RenderMan gives you access to a powerful tool called arbitrary output variables or AOVs. You may already be familiar with AOVs through the RenderMan Studio secondary outputs, which are a subset of the general capabilities of AOVs. Essentially, AOVs let you output any arbitrary values that your shading network computes into a frame buffer. This means you can ouput lighting information as secondary outputs, but you can also output procedural patterns, masks, vectors, normals, etc. The possibilities are limited only by how much use you can make of your AOVs in compositing. This HowTo shows how to set up a procedural shading network in Slim that will output interesting AOVs for compositing. Project files
- Set the Maya Project to the AOV_project folder from the RAR file.
Open the scene AOV_project/scenes/AOV_start.mb.
The scene is setup to render a shadow map and some subtle point-based colorbleeding. So if you render out of the box, you will see a shadow pass, a radiosity pre-pass, and then the final pass. There are also ray traced reflections on the floor. Disable ray tracing from the RenderSettings > Features tab to speed your rendering.
Open Slim and create a new palette File > New Palette
At any time, feel free to load the final Slim palette from $PROJ/slim/palettes/aov_palette.splt using Slim > File > Open Palette... to see how the final network was put together
- Add a Delux shader to your scene and start building up a "float" procedural pattern. What the pattern is has no importance, but it is interesting. Reference the network in step 7, if you need some ideas.
Once we have a pattern built up, we want to output it as an AOV. Create a float AOV node by right-clicking in the workspace and selecting float > (All floats) > (Bakeable - float Primvar) > float AOV .
Now connect in your pattern to the float AOV node, by middle-mouse-clicking the float pattern and then middle-clicking on the float AOV node. Again, middle-mouse-click onto the float AOV node, and then onto the destination where the pattern went; so you insert it between the two nodes.
An AOV node acts like a pass through node, letting your data flow through unchanged. You can hook your pattern into it and hook the output into the rest of your network. All the node does is mark that point in the network, give it an AOV name, then tell RenderMan to output it, if the matching display channel is delared at rendertime(see below).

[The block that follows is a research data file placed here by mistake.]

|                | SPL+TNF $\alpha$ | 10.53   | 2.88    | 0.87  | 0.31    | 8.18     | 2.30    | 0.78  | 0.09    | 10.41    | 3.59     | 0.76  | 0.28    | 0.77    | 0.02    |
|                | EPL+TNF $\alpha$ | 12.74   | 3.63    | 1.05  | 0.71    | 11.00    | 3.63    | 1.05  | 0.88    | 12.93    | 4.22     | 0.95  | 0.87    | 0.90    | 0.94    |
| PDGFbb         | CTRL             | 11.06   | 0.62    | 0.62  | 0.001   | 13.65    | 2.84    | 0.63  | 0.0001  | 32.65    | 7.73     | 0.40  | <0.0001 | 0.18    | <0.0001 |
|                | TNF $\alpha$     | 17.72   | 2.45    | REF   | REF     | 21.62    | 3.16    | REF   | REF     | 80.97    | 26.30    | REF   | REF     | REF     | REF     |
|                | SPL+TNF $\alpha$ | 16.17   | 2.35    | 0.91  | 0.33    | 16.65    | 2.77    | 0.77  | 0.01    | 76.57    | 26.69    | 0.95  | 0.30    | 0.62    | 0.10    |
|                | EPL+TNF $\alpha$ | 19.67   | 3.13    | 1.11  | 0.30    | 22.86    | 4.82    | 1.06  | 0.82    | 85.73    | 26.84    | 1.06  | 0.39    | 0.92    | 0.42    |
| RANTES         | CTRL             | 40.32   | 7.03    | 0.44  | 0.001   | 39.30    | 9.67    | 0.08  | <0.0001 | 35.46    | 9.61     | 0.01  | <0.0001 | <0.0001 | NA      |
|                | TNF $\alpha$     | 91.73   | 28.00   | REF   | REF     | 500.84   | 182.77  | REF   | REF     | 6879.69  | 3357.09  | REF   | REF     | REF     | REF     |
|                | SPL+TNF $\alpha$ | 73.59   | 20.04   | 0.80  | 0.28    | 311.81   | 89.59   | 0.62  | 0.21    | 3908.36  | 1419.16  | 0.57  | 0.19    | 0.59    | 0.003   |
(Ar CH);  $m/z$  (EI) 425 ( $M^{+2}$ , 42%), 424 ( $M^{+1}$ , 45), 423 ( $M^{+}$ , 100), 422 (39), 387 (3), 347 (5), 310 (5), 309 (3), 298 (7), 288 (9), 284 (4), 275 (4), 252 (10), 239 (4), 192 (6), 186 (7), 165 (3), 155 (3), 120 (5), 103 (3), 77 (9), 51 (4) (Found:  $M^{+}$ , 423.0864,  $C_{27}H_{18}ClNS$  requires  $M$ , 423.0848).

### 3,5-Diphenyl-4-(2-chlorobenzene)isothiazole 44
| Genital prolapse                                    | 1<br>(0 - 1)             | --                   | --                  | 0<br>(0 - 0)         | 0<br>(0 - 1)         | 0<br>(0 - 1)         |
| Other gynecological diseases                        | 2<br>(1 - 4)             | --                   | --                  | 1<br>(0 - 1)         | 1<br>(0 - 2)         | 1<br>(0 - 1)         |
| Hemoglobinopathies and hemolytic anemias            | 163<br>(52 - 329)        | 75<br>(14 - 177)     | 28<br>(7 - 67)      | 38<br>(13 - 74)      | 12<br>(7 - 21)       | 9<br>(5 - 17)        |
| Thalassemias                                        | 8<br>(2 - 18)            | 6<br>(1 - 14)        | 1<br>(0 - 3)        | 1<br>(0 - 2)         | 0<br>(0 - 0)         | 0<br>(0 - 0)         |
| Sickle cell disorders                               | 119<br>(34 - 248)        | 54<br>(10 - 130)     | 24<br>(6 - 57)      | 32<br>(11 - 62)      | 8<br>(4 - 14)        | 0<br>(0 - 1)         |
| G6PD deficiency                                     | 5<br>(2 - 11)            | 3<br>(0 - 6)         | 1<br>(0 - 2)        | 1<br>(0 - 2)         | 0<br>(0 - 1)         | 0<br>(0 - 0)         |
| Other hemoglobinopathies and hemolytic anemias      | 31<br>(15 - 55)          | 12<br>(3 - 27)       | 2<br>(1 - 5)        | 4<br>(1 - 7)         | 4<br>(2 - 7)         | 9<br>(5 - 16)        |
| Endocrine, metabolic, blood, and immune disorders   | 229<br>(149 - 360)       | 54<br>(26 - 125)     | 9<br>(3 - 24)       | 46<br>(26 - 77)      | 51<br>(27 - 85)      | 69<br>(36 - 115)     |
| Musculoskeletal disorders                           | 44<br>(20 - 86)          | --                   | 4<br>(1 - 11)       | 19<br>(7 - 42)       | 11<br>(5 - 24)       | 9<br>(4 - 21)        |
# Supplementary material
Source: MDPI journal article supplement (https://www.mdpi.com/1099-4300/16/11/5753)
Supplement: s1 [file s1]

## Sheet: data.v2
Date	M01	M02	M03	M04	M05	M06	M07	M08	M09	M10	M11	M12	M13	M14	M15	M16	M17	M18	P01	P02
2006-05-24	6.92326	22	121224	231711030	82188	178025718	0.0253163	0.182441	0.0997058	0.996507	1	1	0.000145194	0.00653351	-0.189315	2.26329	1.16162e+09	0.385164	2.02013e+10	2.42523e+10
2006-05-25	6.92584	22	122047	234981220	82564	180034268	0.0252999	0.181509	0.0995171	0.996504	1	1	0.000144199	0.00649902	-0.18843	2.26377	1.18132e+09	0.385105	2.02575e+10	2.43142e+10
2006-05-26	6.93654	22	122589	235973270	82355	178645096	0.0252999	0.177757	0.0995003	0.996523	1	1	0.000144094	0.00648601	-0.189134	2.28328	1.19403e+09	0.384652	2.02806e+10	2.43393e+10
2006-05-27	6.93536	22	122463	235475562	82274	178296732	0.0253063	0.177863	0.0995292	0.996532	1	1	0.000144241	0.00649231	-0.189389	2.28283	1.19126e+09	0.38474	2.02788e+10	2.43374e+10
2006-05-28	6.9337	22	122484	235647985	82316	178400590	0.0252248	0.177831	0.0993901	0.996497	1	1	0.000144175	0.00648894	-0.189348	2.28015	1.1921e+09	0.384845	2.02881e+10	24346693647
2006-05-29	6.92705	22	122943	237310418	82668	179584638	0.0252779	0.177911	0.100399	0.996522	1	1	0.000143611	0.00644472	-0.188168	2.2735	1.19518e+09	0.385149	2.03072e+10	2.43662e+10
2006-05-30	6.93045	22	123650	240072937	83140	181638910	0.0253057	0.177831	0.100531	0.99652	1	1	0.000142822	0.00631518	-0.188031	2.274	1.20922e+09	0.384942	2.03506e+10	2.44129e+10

In the AOV node, give your AOV a name. This can be any string, as long as it obeys standard rules (such as no spaces, no reserved characters like $, /, \, &, etc). Here we use cells_aov
Continue to build up your network. Here we throw together a few more nodes including a facing forward node to map in the reflection intensity of our Delux shader. Also add AOV nodes at any point where you would like to have an output of your pattern. In the end, we have three AOV nodes (two float and one color) called fresnel_aov, cell_aov, and cell_color_aov.
- Right-click over your Delux shader and click Add to Scene.
- In Hypershade, select the delux node and assign it to the cloth object.
To set these up for output as framebuffers, we need to do two things: declare them as displaychannels and add them to our outputs list. To declare them as DisplayChannels, we need to use the RiDisplayChannel MEL command and add it to the Render Settings > Advanced > RiInjection Points> Default RiOptions MEL. These are the commands used to output our AOVs display channels:
RiDisplayChannel "float cells_aov"; RiDisplayChannel "color color_cells_aov"; RiDisplayChannel "float fresnel_aov";
Next, we add this as an output Render Settings > Passes > Output > Create Output > Custom... . Here we add all three outputs, one at a time, simply using the display name that we wrote in our original slim AOV nodes.
Ensure you are going to render with "it" by going to Render > Render Current Frame  and selecting Internal Render to it.
Start "it" by click on the
Now do a render to "it" (see how). You should see all of your AOVs and secondary outputs show up in the catalog list.
These outputs could be used in compositing; to vary the reflectivity of our cloth or modify specific colors in our pattern, using our float cell or color cells AOVs as keys.
- Add AOV nodes in Slim.
- Add RiDisplayChannel "type name" to the RiInjection Points> Default RiOptions MEL
- Add your AOV names as outputs in the Passes > Outputs > Create Output > Custom
Project Files .rar Secondary Outputs And AOVs